NYC: Growing Sense of Helplessness as a Killer Claims 5th Life
Working at an all-night bodega in the tougher neighborhoods of Brooklyn and Queens has never been a safe job.
But yesterday, a day after a shopkeeper was fatally shot in Crown Heights, in the latest of five unprovoked killings that the police believe were carried out by the same gunman, some local small-business owners and their employees say they feel increasingly helpless and afraid.
In three of the five killings, the gunman appears not to have stolen anything. He seems to be killing for sport. "If someone comes in for money, you're not going to be as scared," said Taher Ahmed, 43, who works at Hamshali Deli and Grocery, a 24-hour shop in East New York, not far from where the killing took place on Thursday morning.
"You know if you give him money, he may let you live. But if someone just comes in and wants to kill you, what can you do?"
The police said yesterday that the killing on Thursday, in which a Yemeni immigrant was shot as he worked at the Stop II Food Market, is now considered part of the pattern of four earlier killings, starting on Feb. 8. Three of the five victims worked at small groceries, one at an all-night laundry and one at an auto shop.
Like many other shopkeepers in the neighborhoods where the killings took place, Mr. Ahmed said the police had come to the store to interview him and had placed a "Wanted" poster on the front door.
But Mr. Ahmed, who does not own a gun, said there was little he could do to protect himself.
Maria Pacheco, who works in a coin laundry on Liberty Avenue in Queens, near where the first killing took place, said she felt the same way.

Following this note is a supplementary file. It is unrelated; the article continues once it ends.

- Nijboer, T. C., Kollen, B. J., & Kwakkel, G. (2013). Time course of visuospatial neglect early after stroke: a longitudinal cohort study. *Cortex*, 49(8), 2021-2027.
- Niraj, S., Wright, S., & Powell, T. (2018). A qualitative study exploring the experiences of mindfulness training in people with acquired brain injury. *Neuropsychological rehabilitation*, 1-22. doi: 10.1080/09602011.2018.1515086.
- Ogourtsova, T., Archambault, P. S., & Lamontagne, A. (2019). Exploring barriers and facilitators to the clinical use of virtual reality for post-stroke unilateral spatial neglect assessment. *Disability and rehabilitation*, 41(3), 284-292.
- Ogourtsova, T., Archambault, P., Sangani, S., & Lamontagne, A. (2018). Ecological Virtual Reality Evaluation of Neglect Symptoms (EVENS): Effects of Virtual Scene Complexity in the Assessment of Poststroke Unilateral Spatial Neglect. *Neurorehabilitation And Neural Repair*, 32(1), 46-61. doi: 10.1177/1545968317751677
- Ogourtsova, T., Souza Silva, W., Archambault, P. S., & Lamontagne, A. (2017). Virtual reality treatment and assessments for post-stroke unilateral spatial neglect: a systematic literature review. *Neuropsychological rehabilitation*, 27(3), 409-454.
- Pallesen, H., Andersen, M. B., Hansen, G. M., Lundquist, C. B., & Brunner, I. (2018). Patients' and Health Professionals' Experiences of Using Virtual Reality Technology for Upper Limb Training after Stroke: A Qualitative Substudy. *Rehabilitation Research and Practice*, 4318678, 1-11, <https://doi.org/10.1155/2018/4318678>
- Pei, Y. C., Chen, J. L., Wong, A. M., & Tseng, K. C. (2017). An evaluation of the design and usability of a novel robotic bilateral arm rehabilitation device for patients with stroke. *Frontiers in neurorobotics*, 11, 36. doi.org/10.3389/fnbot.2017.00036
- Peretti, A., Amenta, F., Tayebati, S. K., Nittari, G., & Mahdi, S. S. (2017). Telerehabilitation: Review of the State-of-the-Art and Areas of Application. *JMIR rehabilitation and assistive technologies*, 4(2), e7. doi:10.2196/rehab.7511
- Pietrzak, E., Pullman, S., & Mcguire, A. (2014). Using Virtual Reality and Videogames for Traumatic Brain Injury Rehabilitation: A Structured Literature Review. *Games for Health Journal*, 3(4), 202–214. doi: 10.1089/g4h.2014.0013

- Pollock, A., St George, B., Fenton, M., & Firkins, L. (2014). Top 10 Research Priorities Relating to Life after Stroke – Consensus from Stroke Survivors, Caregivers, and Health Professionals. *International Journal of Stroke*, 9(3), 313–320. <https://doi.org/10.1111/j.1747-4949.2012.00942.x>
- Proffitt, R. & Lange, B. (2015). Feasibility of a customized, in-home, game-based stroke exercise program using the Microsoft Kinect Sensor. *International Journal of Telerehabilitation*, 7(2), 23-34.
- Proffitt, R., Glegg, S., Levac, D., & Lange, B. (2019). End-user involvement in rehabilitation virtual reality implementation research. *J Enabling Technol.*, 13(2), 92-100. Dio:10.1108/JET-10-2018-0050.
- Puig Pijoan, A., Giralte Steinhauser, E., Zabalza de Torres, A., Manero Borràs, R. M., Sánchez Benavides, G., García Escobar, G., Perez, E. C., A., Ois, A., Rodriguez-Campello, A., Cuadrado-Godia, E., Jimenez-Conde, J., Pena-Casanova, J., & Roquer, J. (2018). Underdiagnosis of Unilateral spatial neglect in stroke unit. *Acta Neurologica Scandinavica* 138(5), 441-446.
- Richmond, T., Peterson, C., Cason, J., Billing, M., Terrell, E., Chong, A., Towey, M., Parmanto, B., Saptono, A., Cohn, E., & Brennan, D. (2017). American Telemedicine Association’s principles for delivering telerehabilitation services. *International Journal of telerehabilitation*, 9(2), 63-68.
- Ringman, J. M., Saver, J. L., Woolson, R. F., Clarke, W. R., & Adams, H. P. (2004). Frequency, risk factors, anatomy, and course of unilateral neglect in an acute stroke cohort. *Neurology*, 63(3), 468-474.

She said she locks the door and leaves as soon as the last of her customers have left at night. But reading about the five killings has made her feel increasingly anxious.
"He doesn't do it for the money," she said. "He must be crazy; it can't be anything else."
The fact that the gunman has said little and left money behind complicates the task of investigators, said one criminal profiler with two decades of experience.
"If he was making sure he took money, we could associate it with a drug binge," the profiler said.
All that is certain, the profiler said, is that "it's a thrill situation, where they have an abnormal need for power and control."
On Thursday, the killer said nothing before he began shooting, said Adel Aldialan, who owns the store where the killing took place.
He said he had spoken about the shooting with his nephew, Yakoob Aldialan, who was in the store at the time and shot three times, in the chest, arm and leg. He was in critical but stable condition at Brookdale Hospital.
In a bitter coda to that attack, thieves broke into the store Thursday night and stole $1,500 worth of cigarettes and $200 in small bills and change, Mr. Aldialan said.
A few shop owners expressed defiance, saying they could handle themselves and were not worried. Some had not even heard of the killings.
Still others said slayings were something people were used to hearing about in neighborhoods like Bedford-Stuyvesant and East New York, where two of the killings took place.
But several compared the slayings to the "Son of Sam" serial killings carried out by David Berkowitz in 1996 and 1997. Mr. Berkowitz killed six people and wounded seven. After pleading guilty, he was sentenced in 1978 to more than 300 years in prison.
George W. Lee, 44, who was shopping in Mr. Ahmed's store yesterday, said, "I hope these killings rise to the level of Son of Sam, so it gets attention and they're able to catch this guy."
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